For better and for worse, Medicaid is the primary method of paying for nursing home care in the United States. But navigating the Medicaid system is complicated and confusing. Here are the basics.
Medicaid (in Virginia administered through the Department of Medical Assistance Services in partnership with local Departments of Social Services ) is a joint federal-state program that provides health insurance coverage to low-income children, seniors, and people with disabilities. In addition, it covers long-term care for those who qualify. This coverage has traditionally meant care in a nursing home, although very limited coverage of some care in an assisted living facility or at home are possible.
In the absence of any other public program covering long-term care (Medicare provides only limited nursing home coverage), Medicaid has become the default nursing home insurance of the middle class. Lacking access to alternatives such as paying privately or being covered by a long-term care insurance policy, most people pay out of their own pockets for long-term care until they become eligible for Medicaid.
Each state operates its own Medicaid plan approved by the federal government. Federal money pays for about half a typical state’s Medicaid costs, with the state picking up the rest of the tab.
Medicaid eligibility rules vary vastly different from state to state, are numbingly complex, and change often in ways that are not well publicized or understood.
It’s crucial to consult an elder law attorney to guide you through the complicated rules. Spouses, children, and disabled persons are favored by these rules but only if you claim them. When there are disabled spouses and children, the elder law attorney can create estate plans to help them retain or qualify for Medicaid and certain Social Security benefits without becoming impoverished.
The majority of nursing homes accept Medicaid residents. Some do not. Some nursing homes limit the Medicaid beds available. Check with the facility before applying for admittance.
Before Medicaid expansion and reforms to protect spouses remaining in the community, disabled children, etc., applicants could have only limited assets and income. While many well-meaning people believe that assets above the limit (in Virginia, and most states, $2,000) must be “spent down” by paying for things that only benefit the Medicaid applicant, that is not accurate. While there are limitations in many cases, an applicant for long term care Medicaid may protect virtually unlimited amounts for the spouse still at home. Trusts and other devices can be used to transfer and shelter assets for disabled children and anyone who is disabled and under the age of 65.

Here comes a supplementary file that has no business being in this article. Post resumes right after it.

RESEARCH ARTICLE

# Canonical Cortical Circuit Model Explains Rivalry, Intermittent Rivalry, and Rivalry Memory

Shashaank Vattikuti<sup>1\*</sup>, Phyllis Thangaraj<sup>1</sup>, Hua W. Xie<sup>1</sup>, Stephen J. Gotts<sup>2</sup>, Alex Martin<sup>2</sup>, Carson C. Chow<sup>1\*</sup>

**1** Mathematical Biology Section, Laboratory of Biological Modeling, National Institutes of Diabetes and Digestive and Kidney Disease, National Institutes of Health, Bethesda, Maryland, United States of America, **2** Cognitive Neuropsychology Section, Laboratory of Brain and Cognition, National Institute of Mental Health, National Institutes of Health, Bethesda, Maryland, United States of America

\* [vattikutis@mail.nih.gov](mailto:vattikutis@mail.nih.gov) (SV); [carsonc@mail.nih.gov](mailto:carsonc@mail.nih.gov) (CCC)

In addition to the strict income and asset limits, you must meet level of care requirements in order to qualify for nursing home coverage. Each state sets its own level of care criteria and the criteria is not always clear. The state looks at an applicants’ functional, medical, and cognitive abilities to determine if they need care in a nursing home. You are usually determined to need long-term care if you need help with several “activities of daily living” (such as bathing, dressing, eating, moving, and going to the bathroom). But to need a nursing home level of care, you may also need frequent medical care, such as assistance with medication, injections, IVs, or other medical treatment. The state may also consider your cognitive abilities—i.e., whether you have the ability to make decisions on your own.
Once you qualify for Medicaid, except for the poorest of residents, there is a copayment charge from the resident’s income. That charge can be reduced to help provide for the needs of a community spouse and in some cases minor and disabled children in the home.
Home care in many states is provided through home- and community-based service “waiver” programs to individuals who need a high level of care, but who would like to remain at home, and have a plan for doing so. See Virginia’s waiver materials as of the publication date. You may be interested in our companion article regarding a temporary expansion of these waivers. However, states vary widely on how to qualify and what is covered. Almost all state Medicaid programs will cover at least some assisted living costs for eligible residents (Virginia’s assisted living benefit rules are particularly restrictive, and only apply to a very few facilities.)
An elder law attorney can help you navigate the Medicaid process for the best result.
*This article is provided for persons interested in elder law issues in Virginia and across the United States. This article has been written by a practitioner in the field of elder law, but unless otherwise noted, the writer is not affiliated with ThompsonMcMullan, P.C. Nothing in the newsletter or the articles is, or is intended to be, legal advice or a substitute for legal advice. If you need legal advice of any kind, please consult an attorney with experience in that area of the law, whether in our firm, or otherwise.